July 2020 Newsletter

July 2020 Newsletter

In this issue of the IAHR newsletter, you will find a save the date announcement for the 2nd Annual “Human Rights at the Prison Door: Reimagining Criminal Justice” event, our upcoming interviews with Malcolm Young and Tyrone Walker, links to the recordings of the July interviews with Nicole Porter and Richard Van Wickler, the link to Chuck’s blog, and an important letter on Covid-19 in prison from Marqui Clardy. 

Save the Date for the 2nd Annual "Human Rights at the Prison Door Reimagining Criminal Justice"  
"Reimagining Criminal Justice in the United States." Upcoming Sessions
Check out Chuck's Blog
Letter from Prison: Marqui Clardy's Letter on Covid-19 in Lawrenceville Prison in Virginia

Save the Date for the 2nd Annual "Human Rights at the Prison Door Reimagining Criminal Justice"

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Click here to register for the 2nd Annual “Human Rights at the Prison Door.”

Reimagining Criminal Justice in the United States" in August

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Register for the Malcolm Young interview by clicking here.

Register for the Tyrone Walker interview by clicking here.

Click here to view the first two interviews: Nicole Porter and Richard Van Wickler

Chuck's Blog

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IAHR Executive Director, Rabbi Chuck Feinberg has been writing a blog for the last month.  He usually makes two or three entries each week.  You can check out his blog by clicking here.

Letters from Prison: Covid-19 Essay

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Letter from Prison

Covid-19 Update

MarQui Clardy

July 15, 2020

As I'm writing this, it's 12:45 p.m. and breakfast is just now arriving to my housing unit. As of late, meals are always served late. Lunch won't arrive until around 5:00. Dinner is usually 

served just before we lock down at 6:00; sometimes even later than that. This has been our "normal" meal schedule ever since COVID-19 entered the institution and began wreaking havoc. From the day the first cases were confirmed, almost nothing has been running according to standard operating procedure.

The reason we are just now receiving breakfast at 12:45 in the afternoon is primarily because of how heavily this virus has impacted the staff, several of whom have tested positive for it. Not only have they been sent home so that they can place themselves on quarantine; other staff members they've come in contact with and potentially spread the virus to have been sent home as well. As I've stated in previous essays, this institution was already understaffed. Now there's barely enough available to conduct day-to-day operations. Serving meals late is just the tip of the iceberg. Outside recreation has been halted because there aren't enough officers to supervise the rec yard. Some days, we aren't even allowed out of our cells for pod recreation due to a lack of officers inside the buildings. One particular night shift has come to be known as the "lockdown shift" because they're so severely short, the entire institution is always on lock when they're on. Sadly, this staffing issue will likely get worse as the virus continues to spread.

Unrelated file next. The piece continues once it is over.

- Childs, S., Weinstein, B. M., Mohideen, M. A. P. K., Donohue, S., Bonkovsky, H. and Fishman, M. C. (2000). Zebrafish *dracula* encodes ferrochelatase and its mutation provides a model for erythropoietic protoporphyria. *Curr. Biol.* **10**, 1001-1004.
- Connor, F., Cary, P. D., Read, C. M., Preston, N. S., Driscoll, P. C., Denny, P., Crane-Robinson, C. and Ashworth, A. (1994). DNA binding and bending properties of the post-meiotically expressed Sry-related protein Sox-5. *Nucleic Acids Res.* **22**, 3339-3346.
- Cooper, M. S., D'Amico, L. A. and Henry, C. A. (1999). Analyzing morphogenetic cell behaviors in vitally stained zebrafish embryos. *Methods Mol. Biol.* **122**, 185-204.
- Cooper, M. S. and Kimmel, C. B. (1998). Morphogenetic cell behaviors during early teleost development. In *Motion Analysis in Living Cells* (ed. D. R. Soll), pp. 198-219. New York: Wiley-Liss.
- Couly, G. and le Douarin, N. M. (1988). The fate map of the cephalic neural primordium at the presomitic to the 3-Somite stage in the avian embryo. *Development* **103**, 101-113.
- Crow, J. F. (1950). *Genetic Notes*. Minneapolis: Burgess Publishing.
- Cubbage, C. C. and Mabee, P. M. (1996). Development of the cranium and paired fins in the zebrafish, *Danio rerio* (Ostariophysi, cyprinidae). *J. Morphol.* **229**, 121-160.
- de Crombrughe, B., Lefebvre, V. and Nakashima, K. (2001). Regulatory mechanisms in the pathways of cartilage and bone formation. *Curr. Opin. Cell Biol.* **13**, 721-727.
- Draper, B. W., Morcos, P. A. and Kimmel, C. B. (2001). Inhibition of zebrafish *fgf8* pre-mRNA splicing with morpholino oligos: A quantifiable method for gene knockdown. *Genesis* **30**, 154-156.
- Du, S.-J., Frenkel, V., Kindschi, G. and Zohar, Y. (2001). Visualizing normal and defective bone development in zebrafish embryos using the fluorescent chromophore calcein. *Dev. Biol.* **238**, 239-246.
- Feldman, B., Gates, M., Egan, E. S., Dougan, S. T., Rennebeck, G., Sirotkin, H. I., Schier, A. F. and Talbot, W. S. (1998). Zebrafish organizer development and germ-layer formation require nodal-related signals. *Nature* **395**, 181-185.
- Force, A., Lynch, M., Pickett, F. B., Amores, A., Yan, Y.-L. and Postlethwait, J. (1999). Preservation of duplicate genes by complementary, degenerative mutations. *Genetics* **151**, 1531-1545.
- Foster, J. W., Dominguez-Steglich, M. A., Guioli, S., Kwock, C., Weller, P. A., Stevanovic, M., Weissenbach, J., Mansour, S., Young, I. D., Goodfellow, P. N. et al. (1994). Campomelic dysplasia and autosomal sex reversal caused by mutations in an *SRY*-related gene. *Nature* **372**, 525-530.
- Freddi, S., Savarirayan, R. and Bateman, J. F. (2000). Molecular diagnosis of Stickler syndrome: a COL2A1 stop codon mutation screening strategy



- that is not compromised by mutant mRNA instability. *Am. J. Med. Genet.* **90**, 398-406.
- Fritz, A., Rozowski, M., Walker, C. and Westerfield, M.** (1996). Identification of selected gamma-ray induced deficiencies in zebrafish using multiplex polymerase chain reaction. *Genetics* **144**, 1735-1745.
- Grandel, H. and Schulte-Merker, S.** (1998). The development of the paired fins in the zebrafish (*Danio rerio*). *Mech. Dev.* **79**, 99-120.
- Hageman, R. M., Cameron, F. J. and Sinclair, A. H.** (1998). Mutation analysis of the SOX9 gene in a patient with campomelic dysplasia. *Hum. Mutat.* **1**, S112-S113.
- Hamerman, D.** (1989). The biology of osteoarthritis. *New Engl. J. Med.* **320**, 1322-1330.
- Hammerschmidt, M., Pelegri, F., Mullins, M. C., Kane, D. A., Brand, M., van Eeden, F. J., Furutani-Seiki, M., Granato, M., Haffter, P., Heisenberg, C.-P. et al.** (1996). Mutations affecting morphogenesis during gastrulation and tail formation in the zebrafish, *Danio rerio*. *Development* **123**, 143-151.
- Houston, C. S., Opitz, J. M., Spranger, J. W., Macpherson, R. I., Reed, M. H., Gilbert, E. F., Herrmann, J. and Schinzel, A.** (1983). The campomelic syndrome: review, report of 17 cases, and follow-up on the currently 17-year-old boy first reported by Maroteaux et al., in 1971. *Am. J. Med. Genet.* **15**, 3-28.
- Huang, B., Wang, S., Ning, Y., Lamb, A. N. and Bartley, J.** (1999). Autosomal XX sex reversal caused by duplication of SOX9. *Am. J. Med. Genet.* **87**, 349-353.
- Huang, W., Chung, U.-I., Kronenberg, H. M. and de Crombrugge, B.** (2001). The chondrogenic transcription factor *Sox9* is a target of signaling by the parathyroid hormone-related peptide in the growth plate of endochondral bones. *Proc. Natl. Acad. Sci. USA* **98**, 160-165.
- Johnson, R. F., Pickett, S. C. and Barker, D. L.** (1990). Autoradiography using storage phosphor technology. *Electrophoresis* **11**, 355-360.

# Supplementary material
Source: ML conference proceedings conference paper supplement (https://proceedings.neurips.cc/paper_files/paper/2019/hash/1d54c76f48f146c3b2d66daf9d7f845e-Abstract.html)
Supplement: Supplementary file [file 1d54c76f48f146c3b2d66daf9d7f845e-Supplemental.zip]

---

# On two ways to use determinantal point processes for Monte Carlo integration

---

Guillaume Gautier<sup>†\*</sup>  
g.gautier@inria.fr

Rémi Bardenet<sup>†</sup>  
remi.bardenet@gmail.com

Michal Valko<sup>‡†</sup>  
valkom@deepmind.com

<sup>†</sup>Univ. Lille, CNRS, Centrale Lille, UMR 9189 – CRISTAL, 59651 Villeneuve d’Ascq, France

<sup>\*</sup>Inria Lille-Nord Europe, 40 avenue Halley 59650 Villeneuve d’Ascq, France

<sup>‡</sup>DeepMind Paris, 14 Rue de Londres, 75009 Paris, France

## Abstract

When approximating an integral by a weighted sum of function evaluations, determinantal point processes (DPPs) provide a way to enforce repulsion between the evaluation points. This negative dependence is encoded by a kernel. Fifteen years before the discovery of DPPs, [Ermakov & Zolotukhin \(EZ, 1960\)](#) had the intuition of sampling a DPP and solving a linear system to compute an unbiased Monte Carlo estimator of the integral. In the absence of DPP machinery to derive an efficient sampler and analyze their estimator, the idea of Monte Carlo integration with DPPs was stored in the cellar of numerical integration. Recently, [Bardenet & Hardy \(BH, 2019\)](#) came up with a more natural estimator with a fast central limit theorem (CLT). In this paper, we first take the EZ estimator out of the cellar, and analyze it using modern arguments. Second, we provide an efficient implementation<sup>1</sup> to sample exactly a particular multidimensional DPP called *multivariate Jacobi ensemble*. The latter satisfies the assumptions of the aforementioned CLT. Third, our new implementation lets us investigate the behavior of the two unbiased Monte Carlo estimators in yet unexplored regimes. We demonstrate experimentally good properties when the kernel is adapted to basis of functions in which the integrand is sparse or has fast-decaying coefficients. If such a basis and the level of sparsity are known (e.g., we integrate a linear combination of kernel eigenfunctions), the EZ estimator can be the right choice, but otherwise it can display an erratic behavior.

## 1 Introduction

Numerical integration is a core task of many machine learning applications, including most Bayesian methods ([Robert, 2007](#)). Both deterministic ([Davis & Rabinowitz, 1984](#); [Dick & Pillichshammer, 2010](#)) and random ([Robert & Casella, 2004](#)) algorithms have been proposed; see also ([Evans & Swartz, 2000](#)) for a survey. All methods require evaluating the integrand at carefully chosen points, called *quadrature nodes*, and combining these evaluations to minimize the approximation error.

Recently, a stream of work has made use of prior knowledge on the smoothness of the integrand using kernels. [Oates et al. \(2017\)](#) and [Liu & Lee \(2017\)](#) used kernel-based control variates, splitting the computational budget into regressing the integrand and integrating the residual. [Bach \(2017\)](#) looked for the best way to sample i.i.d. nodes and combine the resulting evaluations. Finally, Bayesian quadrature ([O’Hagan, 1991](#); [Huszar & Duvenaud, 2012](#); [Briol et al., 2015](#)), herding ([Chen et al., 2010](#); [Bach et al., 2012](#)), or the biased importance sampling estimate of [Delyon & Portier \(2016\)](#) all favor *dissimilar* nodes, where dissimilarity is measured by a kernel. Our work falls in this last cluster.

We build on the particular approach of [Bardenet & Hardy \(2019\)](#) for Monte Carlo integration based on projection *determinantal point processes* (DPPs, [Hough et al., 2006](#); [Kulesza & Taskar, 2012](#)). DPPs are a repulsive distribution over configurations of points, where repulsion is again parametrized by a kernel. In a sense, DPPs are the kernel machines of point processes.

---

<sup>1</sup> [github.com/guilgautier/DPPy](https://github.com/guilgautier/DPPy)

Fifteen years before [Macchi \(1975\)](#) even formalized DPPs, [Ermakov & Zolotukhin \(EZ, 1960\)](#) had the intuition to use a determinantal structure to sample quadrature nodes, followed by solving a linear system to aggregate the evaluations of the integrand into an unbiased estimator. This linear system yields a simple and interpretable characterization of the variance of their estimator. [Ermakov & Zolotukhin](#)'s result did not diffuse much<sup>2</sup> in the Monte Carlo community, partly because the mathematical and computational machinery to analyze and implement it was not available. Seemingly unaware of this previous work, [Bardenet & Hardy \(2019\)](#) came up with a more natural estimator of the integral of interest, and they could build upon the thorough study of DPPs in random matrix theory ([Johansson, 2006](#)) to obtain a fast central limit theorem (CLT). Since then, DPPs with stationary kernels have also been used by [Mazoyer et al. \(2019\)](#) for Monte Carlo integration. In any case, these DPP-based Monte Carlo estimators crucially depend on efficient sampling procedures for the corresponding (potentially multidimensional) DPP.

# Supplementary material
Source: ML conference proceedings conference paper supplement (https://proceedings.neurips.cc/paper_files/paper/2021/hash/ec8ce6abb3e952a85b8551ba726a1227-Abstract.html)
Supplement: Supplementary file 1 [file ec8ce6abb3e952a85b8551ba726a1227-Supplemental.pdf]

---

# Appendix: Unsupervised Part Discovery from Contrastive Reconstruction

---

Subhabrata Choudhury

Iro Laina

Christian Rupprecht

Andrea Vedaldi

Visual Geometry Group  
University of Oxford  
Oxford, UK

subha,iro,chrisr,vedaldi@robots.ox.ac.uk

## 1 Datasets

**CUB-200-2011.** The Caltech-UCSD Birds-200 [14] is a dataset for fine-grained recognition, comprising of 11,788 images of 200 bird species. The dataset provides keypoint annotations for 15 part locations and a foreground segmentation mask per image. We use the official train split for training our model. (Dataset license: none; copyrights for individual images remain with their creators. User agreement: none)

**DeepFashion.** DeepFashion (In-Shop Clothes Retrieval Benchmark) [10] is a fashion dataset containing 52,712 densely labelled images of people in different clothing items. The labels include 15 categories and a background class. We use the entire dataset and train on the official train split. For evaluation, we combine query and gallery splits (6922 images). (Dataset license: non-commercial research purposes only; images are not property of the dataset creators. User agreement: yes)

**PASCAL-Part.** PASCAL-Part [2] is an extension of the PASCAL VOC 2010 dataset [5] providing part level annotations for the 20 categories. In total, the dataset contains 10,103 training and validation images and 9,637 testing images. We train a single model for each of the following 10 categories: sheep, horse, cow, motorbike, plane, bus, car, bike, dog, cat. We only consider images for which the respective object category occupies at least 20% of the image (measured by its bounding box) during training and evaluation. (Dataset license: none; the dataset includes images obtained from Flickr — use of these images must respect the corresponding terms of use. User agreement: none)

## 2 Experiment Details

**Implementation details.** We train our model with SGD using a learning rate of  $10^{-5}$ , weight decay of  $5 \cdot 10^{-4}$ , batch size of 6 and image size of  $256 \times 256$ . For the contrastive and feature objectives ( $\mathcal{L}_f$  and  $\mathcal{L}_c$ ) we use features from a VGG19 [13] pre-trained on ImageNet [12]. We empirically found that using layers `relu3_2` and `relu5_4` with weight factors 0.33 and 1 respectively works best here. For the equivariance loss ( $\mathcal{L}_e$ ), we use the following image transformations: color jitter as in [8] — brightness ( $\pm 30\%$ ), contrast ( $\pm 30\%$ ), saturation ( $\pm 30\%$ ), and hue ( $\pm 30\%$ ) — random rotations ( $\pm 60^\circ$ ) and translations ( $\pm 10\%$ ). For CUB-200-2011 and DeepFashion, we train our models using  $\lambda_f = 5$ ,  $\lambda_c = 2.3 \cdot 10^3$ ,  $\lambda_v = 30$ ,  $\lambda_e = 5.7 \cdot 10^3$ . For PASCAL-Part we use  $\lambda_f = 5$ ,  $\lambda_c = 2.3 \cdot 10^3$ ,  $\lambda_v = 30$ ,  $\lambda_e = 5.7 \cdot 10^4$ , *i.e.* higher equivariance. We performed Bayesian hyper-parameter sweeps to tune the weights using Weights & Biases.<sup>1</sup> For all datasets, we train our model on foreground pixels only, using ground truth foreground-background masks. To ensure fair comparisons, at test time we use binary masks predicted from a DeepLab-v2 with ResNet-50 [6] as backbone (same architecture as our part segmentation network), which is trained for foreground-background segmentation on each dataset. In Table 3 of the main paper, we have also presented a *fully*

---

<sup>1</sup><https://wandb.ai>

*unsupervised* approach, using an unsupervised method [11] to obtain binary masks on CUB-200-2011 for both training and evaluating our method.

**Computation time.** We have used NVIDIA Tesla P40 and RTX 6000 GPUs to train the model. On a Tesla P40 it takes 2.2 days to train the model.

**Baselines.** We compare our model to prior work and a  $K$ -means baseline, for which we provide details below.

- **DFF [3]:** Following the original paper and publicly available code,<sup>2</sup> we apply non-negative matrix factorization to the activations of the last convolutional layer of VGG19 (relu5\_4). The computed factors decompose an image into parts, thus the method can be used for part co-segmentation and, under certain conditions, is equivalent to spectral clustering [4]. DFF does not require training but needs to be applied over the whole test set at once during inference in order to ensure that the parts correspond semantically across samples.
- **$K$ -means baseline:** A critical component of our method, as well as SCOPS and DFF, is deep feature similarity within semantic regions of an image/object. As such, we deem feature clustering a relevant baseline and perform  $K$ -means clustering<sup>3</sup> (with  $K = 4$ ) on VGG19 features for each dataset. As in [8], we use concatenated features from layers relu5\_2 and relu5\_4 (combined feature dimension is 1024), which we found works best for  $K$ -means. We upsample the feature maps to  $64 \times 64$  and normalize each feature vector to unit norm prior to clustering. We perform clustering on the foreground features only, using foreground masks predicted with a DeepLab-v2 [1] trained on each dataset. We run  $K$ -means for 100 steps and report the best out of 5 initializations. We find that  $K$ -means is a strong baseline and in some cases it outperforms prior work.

To no one's surprise, offenders here have also began testing positive. With so many infected staff - and the lack of adequate safety measures on behalf of the institution and DOC [we've yet to be issued bleach or ammonia to kill the virus on surfaces, nor have we been issued any new facemasks since April] - this was inevitable. The virus is spreading at such a fast rate that a lot of the officers who are still working are hesitant to make security rounds in the housing units for fear that they might also become infected. There's no separate quarantine area to send infected offenders, so unless they display severe symptoms, they're left in their housing unit. Of the 18 housing units at this prison, all but two contain infected offenders. Thankfully, the unit in which I'm housed is one that has no known cases, but I feel it's only a matter of time before someone in here tests positive. After all, when the officers do make security rounds, they must pass between each housing unit in the building, potentially spreading the virus from unit to unit. Ideally, the administration would contain this by assigning each officer to one housing unit and restricting them from entering the others. But again, they're too understaffed to be able to take such a safety measure.


Click here to read the rest of the essay.